Exit poll data is easy to distort, and the overlaps of many categories are often ignored, but here are some insights from how people voted Tuesday. It's not pretty.
Some of these comparisons are to the 2008 turnout's composition (if not its overall volume) and some of them are to the 2006 midterms, further muddying the water. But let's look for some clarity here.
First, there's the fact that the electorate was whiter and older, which certainly worked in the Republicans' favor. Per Michael Tomasky:
1. The 2008 electorate was 74% white, plus 13% black and 9% Latino. The 2010 numbers were 78, 10 and 8. So it was a considerably whiter electorate.
2. In 2008, 18-to-29-year-olds made up 18% and those 65-plus made up 16%. Young people actually outvoted old people. This year, the young cohort was down to 11%, and the seniors were up to a whopping 23% of the electorate. That's a 24-point flip.
Put another way, says Tomasky, there were at least 45 million people who voted in 2008 who didn't show up in 2010, "and the exits tell us the bulk of them were liberal, young, black, Latino. If 25 million of these no-shows had voted, Democratic losses would pretty obviously have been in the normal range, and they'd still control the House." Compared to 2006, though, turnout was high, according to a Fox News analysis.
That said, underestimating the Latino vote in two states, Nevada and Colorado, may have actually explained why people were surprised by Harry Reid and Michael Bennet's wins there, according to Nate Silver.
Women overall maintained our usual share of the electorate — 53 percent — but the women who turned out narrowed the gender gap that usually exists among GOP voters. In 2008, women voted for Democrats 56 percent of the time, but this year, only 49 percent of them did.
31 percent of people who identified as gay, lesbian or bisexual voted for Republicans on Election Day. That represents a big uptick from the 24 percent of gays who voted for the GOP in 2006 and from only 19 percent who did so in 2008."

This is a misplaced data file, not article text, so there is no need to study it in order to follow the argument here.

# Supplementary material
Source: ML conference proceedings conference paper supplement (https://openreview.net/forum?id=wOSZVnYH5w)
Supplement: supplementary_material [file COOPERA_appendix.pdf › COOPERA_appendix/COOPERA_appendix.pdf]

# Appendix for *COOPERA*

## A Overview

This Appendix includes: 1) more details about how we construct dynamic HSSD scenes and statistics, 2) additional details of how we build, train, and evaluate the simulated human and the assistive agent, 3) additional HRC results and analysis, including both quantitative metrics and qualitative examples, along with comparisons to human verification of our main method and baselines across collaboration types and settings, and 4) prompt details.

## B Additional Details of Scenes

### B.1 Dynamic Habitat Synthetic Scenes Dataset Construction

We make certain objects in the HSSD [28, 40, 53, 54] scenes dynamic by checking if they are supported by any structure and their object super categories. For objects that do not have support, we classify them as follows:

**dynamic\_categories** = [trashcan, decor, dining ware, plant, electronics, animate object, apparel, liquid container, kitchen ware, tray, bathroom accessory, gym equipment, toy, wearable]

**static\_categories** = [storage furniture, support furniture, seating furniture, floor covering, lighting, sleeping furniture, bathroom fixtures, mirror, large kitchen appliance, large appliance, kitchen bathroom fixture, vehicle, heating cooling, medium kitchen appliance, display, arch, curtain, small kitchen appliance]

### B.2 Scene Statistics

There's another major caveat on this data: "[But] even with the shift, gay voters are among the top five demographic groups that vote Democratic, along with Hispanic and black voters."
By the way, the prediction that the number of women in Congress would go down was more than borne out, heightened by the rightward tilt of the electorate this year. Writes Jennifer Lawless,
Because 77 percent of the women in the U.S. House and Senate were Democrats heading into the election, women were in a precarious position as they faced an anti-Democratic, anti-establishment electorate....Granted, all 15 female Republican incumbents who sought reelection won their races. Republican women also won the two open seat contests in which women competed. But 26 of the 32 female Republican challengers lost to Democratic incumbents in the House. Only 1 out of 5 Republican women running for an open seat or against an incumbent in the Senate won (Kelly Ayotte in New Hampshire).
No year of the woman, this.
A Net Loss For Women In Politics [Slate]
Women, Independent Voters Show Greatest Swing From 2008 [Fox News]
Exit Poll: Nearly A Third Of Gays Voted For GOP [Yahoo/Upshot]
Turnout Says A Lot [Guardian]